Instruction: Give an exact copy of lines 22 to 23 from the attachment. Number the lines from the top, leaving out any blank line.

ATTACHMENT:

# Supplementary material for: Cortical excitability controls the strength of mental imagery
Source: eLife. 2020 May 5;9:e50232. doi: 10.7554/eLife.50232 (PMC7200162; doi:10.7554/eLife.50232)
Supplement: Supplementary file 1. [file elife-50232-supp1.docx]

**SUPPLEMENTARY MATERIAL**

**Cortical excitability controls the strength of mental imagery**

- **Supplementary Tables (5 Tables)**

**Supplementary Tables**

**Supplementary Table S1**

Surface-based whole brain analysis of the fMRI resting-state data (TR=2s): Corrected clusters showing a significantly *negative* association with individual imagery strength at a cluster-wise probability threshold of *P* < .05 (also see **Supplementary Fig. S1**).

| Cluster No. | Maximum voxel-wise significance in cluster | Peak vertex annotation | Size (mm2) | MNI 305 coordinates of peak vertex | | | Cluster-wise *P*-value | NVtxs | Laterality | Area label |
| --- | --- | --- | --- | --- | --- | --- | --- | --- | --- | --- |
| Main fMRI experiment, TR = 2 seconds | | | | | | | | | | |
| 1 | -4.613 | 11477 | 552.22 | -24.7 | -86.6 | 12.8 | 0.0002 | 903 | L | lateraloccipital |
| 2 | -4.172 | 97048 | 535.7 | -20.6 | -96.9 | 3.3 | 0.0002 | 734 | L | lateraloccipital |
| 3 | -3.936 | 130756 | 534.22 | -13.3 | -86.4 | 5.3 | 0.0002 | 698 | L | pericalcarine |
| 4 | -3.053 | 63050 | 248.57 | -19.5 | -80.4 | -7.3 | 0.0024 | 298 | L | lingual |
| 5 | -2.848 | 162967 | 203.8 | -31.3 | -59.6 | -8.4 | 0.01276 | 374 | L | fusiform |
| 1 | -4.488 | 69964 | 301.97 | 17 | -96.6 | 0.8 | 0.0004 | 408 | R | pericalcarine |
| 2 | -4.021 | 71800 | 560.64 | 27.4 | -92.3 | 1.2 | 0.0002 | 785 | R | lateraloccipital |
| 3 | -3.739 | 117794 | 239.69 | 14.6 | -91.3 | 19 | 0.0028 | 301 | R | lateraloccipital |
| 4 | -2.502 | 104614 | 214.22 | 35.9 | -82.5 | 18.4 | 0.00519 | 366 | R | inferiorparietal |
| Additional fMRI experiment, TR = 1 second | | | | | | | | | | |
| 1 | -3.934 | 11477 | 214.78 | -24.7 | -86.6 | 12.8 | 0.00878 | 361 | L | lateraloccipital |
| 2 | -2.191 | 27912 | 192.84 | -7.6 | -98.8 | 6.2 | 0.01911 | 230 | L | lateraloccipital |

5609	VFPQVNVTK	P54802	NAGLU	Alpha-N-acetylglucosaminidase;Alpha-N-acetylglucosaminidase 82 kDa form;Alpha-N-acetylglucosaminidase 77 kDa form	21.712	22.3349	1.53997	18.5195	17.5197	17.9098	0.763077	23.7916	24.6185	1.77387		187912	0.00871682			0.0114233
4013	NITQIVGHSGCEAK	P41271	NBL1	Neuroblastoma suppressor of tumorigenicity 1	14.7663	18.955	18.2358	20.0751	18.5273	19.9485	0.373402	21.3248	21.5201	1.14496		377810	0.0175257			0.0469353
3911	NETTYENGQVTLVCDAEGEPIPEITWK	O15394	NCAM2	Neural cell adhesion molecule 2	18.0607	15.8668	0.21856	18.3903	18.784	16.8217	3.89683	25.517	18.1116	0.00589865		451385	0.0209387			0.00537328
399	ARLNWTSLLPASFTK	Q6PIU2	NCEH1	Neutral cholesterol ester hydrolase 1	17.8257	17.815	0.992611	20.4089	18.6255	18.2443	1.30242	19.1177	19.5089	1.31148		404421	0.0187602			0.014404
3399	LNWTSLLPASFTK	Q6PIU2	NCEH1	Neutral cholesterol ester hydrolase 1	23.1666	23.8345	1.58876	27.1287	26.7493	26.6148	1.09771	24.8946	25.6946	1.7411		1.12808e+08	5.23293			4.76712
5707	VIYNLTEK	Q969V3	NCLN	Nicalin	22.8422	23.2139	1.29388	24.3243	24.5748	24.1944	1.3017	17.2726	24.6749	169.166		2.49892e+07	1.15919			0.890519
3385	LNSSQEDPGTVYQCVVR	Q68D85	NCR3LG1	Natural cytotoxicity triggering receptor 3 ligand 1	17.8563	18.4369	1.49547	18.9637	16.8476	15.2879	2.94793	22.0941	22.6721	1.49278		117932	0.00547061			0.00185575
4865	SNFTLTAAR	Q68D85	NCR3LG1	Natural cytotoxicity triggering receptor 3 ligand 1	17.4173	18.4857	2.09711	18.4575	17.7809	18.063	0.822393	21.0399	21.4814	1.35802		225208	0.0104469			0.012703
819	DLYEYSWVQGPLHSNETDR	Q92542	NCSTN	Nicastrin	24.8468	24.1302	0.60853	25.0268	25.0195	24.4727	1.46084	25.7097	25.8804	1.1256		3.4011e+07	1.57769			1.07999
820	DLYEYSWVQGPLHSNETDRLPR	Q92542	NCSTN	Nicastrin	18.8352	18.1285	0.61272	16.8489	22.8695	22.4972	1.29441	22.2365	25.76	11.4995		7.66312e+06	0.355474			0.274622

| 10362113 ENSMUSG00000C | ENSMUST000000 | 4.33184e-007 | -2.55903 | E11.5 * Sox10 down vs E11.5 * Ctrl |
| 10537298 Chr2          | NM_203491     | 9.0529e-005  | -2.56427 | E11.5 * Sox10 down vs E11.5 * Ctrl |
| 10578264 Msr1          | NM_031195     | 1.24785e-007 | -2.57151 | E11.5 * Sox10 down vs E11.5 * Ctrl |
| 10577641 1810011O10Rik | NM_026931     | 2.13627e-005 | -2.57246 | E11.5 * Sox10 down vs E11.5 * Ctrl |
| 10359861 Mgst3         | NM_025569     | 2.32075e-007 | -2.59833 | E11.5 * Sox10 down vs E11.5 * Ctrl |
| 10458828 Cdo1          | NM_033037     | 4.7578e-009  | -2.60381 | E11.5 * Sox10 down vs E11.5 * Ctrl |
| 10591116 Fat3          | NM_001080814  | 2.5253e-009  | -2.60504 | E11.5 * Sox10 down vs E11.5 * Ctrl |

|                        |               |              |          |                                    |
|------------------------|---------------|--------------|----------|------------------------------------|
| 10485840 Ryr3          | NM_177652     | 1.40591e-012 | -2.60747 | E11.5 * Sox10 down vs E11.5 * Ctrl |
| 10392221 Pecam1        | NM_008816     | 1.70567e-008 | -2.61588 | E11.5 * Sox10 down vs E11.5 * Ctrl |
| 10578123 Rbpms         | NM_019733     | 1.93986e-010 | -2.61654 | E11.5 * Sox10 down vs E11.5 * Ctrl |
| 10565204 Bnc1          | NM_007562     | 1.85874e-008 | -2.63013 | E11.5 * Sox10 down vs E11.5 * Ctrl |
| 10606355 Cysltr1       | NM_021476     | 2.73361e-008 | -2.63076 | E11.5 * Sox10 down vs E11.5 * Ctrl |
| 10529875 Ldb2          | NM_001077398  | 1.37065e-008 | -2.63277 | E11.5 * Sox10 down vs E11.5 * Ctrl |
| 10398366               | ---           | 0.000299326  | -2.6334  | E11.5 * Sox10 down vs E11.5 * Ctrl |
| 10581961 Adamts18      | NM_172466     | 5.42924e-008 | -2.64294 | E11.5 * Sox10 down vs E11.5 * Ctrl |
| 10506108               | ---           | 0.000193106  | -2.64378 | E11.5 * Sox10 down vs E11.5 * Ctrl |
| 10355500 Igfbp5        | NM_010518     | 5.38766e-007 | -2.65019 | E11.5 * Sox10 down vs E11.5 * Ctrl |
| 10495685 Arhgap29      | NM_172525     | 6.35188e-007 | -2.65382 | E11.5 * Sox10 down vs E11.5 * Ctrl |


| Additional fMRI experiment, TR = 1 second | | | | | | | | | | |
| 1 | -3.934 | 11477 | 214.78 | -24.7 | -86.6 | 12.8 | 0.00878 | 361 | L | lateraloccipital |